8 min read ,

Your Emails Are Spying on You, Including My Newsletter

I want you to know that my newsletter is spying on you, and you have the power to stop it.
Gary Oldman as George Smiley in the 2011 film "Tinker Tailor Soldier Spy."
Gary Oldman as the iconic British spymaster George Smiley in Tinker Tailor Soldier Spy (2011). On the one hand, Oldman is not as good as Alec Guinness from the 1979 BBC version, but on the other, I do love looking at that orange wall.

While browsing the web over the past five years or so, you've probably gotten used to seeing notifications that ask you to review and accept a website's cookie policy. Like most of us, I don't often bother to read these. I just reflexively accept, and click through with a bit of mild annoyance at the interruption.

But in my more reflective moments, I consider the alternative. I think I'd be more annoyed if they didn't bother notifying me, and just went ahead with the cookies anyway.

I think it's good practice to let your audience know how and why they're being tracked, and to give them an opportunity to opt out. And I don't mean hiding it in an unreadably long and boring privacy policy. I think that if you're going to participate in the modern web's surveillance economy, you should inform your audience, in plain language, about just what you're up to.

That's why I want to make it clear that my newsletter is spying on you, and you have the power to stop it.

Email is Just Text (Except When it Isn't)

Email is old technology, practically Paleolithic in Internet terms. Our relationship to email has changed a lot over the decades, but the core tech is largely the same as it was in the 1970s. One modern "convenience" notably missing from the email spec is a feature allowing the sender to track what the recipient does with a message: did they open it? how many times? where? when? with what device? etc.

But the one thing you can do with email is send text. And html, the language of the web, is just plain text that uses some some syntax. Your browser or email client knows how to transform that syntax into the structure, formatting, and embedded content you've come to expect from the modern web. And while the text of an html document cannot report back to its sender about whether it's been read, it can refer to content elsewhere on the internet, like an image. And the image can tell on you. Or more precisely, the server where the image lives can tell on you.

When you receive an email message that "includes" an embedded image, that image is usally not attached to the message itself. It exists somewhere else, on a server, waiting for someone to request it. That request is sent when your email client gets a messge with some html, tries to render that html as content, notices that it contains a url for that image, and sends the server a request for the image so it can display it.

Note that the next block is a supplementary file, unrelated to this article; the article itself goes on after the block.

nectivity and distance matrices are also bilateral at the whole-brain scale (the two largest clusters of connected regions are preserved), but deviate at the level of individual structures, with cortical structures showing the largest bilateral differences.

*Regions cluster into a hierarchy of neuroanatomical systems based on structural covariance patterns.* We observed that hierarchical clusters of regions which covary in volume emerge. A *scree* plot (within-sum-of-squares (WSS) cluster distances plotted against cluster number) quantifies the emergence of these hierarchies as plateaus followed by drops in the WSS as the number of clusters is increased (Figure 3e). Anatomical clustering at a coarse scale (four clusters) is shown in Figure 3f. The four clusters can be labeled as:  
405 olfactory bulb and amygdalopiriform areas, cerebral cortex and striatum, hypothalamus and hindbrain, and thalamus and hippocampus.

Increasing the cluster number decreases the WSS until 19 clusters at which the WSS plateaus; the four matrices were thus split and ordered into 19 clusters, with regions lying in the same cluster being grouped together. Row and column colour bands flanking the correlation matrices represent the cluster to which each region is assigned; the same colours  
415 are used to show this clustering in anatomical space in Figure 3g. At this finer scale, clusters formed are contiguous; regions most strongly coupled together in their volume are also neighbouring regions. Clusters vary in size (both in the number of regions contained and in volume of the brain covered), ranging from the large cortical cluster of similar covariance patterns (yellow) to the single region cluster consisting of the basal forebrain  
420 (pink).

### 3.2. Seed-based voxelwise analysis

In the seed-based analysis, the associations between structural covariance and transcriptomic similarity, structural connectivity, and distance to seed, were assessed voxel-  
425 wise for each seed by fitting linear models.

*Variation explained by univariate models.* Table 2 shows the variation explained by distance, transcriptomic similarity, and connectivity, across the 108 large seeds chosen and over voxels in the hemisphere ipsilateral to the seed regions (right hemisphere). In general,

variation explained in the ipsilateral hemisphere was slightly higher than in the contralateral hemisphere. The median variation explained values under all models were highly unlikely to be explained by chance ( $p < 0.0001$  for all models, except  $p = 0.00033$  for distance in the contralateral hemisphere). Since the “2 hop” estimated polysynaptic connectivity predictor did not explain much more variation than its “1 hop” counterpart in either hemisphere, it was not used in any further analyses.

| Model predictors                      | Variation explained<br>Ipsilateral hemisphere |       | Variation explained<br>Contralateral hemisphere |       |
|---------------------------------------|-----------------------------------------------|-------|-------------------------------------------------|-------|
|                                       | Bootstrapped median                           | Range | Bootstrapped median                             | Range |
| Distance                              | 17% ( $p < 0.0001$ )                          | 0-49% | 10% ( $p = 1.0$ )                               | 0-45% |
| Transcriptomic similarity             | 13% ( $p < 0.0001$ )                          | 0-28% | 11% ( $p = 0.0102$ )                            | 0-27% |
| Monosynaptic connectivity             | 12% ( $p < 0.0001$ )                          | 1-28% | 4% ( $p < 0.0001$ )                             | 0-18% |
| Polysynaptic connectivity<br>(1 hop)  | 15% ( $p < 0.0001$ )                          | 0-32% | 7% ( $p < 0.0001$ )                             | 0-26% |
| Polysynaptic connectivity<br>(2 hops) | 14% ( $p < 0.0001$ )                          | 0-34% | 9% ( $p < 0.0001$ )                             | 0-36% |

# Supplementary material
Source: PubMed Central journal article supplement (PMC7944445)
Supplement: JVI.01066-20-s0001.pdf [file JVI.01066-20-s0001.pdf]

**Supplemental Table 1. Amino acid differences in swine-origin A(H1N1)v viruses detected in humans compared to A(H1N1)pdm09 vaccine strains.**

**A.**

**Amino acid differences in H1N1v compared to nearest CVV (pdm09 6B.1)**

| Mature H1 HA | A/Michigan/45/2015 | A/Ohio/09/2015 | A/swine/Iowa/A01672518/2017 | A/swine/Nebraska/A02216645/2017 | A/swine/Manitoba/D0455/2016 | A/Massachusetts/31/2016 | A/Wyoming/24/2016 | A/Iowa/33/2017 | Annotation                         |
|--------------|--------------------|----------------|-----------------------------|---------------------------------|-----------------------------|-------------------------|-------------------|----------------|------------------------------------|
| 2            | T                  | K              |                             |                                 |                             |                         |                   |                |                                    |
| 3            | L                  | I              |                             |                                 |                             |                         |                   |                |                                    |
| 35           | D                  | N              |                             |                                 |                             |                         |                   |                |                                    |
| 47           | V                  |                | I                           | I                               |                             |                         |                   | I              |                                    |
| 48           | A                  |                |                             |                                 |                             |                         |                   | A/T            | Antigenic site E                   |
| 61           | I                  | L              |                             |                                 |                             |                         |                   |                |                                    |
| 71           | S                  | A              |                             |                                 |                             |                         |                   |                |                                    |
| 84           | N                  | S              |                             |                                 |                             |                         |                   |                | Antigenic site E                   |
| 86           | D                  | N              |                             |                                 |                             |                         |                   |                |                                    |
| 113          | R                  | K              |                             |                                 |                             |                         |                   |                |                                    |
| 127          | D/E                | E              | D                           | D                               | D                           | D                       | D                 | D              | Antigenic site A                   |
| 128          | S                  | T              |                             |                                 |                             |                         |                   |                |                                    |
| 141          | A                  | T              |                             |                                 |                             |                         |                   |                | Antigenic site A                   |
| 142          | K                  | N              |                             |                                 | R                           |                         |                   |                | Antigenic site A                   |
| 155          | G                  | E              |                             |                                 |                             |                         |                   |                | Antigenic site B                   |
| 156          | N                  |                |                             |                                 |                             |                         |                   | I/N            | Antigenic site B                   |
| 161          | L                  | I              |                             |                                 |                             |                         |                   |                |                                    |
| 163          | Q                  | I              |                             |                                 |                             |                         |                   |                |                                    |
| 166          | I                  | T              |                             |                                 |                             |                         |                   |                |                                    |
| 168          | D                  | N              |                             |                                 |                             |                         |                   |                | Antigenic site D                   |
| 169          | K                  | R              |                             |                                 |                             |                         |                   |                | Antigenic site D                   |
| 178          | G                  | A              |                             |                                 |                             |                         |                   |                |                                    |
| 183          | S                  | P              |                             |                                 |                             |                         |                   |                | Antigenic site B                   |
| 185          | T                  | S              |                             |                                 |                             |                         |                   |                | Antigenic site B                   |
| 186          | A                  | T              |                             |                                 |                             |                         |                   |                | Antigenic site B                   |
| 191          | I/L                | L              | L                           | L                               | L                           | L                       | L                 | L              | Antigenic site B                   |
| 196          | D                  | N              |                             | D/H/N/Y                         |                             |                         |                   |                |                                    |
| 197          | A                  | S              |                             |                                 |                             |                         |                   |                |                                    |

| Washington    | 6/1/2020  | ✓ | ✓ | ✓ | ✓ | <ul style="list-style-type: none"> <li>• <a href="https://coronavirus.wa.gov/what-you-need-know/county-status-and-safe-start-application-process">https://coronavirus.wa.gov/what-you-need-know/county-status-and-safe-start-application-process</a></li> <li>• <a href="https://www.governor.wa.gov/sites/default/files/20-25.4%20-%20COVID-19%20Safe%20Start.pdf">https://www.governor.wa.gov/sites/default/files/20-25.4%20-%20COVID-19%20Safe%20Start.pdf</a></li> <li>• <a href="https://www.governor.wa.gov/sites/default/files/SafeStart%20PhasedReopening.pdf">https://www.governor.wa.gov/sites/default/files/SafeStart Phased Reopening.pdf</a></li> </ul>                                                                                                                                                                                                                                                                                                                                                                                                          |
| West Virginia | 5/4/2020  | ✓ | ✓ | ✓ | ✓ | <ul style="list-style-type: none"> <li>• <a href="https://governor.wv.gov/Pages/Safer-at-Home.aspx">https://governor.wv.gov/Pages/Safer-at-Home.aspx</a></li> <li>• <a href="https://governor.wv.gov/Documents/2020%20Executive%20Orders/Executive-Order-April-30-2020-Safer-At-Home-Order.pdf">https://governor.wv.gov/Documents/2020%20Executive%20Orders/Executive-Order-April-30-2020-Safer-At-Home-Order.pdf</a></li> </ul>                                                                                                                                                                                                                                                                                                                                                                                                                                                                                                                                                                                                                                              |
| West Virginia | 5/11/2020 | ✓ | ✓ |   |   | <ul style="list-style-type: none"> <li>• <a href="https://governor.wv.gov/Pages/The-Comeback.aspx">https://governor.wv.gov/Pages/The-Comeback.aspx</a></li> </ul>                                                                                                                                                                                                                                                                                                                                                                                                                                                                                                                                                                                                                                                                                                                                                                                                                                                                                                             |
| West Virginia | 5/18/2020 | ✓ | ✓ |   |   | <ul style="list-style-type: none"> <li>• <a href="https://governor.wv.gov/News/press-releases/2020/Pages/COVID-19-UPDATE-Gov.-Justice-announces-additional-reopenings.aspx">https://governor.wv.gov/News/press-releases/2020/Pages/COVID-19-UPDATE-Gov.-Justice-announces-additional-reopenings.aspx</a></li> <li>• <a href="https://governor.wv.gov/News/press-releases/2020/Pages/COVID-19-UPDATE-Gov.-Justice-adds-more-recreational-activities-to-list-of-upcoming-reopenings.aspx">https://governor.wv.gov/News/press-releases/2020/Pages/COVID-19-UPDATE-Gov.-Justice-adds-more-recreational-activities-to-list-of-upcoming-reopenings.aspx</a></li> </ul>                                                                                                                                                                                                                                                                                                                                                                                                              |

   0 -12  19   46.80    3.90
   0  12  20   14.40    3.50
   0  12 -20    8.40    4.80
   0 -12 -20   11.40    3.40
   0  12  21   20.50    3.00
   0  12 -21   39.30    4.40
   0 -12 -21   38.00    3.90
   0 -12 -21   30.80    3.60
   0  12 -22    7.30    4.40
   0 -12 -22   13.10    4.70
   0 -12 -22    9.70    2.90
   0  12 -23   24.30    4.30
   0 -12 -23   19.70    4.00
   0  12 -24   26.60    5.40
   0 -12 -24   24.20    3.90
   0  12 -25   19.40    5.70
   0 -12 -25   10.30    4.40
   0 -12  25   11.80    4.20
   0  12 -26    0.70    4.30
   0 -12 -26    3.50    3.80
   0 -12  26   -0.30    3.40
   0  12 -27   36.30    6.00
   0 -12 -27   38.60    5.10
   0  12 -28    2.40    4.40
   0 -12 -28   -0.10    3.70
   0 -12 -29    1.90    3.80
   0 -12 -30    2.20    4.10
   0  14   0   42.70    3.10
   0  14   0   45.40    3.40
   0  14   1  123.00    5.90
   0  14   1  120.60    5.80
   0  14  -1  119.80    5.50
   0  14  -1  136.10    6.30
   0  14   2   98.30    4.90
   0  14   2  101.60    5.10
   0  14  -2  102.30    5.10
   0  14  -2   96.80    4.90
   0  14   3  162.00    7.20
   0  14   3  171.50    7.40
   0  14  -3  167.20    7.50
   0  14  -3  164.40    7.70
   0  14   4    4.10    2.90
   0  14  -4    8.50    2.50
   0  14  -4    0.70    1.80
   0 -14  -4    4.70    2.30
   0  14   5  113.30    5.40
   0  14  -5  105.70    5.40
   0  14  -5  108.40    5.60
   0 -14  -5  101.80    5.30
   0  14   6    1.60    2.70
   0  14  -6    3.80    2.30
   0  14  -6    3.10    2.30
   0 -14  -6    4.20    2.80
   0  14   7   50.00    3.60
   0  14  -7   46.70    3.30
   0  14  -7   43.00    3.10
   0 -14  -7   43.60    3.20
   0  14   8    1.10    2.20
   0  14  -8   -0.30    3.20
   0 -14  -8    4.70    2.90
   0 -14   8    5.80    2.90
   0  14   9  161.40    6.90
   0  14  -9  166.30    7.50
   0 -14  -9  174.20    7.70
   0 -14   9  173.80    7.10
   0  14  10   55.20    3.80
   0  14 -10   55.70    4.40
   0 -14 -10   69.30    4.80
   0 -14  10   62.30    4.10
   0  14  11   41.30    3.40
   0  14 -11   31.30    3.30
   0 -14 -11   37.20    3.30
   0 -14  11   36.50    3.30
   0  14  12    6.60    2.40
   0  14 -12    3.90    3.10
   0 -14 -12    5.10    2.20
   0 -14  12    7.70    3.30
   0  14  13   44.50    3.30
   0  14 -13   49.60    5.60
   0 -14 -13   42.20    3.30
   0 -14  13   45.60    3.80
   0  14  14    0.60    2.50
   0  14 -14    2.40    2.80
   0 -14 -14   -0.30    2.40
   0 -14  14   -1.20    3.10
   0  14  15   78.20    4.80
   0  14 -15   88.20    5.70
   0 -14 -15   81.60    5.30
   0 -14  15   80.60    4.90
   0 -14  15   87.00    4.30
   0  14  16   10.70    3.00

And that request is where the tracking happens.

The server holding the image keeps a record of every request it got, and those requests include some information about the requestor: what time the request was sent, what IP address it was sent from, and what kind of device sent it. Which means the server knows about every time you've requested the image--that is to say, every time you've opened the email.

The sneakiest way of doing this doesn't even rely on a visible image at all, but a tiny 1 pixel by 1 pixel image with no content, called a tracking pixel. Because the pixel is inconspicuous to the point of invisibility, a recipient can inspect the message closely without ever realizing that an image has been requested and loaded. And for extra sneakiness, each email recipient can be sent a different (albeit identical) copy of the pixel. That way, the sender knows not only that the email was opened, but which of the many pixels (out of perhaps thousands or tens of thousands) was requested, and therefore which recipient opened the email, allowing them to build a detailed profile of how you engage with their email.

This might not sound like valuable informaiton on its own, but when cross-referenced against the various other data points the sender might have collected on you (either because you've given it to them, or they've bought it from someone else), it can amount to a detailed dossier on your online habits. That's a valuable resource for marketing purposes.

The Spy Who Emailed Me

The current incarnation of my newsletter is run through Ghost (a blogging and newsletter platform that is kind of like WordPress or Substack). Like most content platforms that generate emails, Ghost has tools that monitor when an email is opened. Ghost's interface does not allow me to see every request in the gory level of detail described above, but I imagine that this data is accessible somewhere on the server.

When I started with Ghost, I had an option to enable or disable these tracking features. I enabled them, primarily out of curiosity. I don't open every email I receive, so I'm naturally interested in whether you're opening the ones I send. So far, I've only sent one newsletter, so my data set is limited, but in the interest of full disclosure I wanted to show you what I can see when I use these tools.

The chart from Ghost's Dashboard, showing email open rates
The chart from Ghost's Dashboard, showing email open rates. Not much data here, yet.

As you can see from the dashboard, I currently have 45 "members", none of which are on the paid tier (which makes sense, because I don't offer anything to paid members, and I'm not sure whether I ever will). At the time I sent the first newsletter, I only had 38. The open rate is 79%, meaning 30 of those 38 recipients opened the newsletter.

Ghost's Members list, showing member name, email, date joined, and open rate
Ghost's Members list, showing member name, email, date joined, and open rate. Again, data is sparse, so far, but eventually I'll be able to see whether an individual member is in the habit of opening my emails, or ignoring them.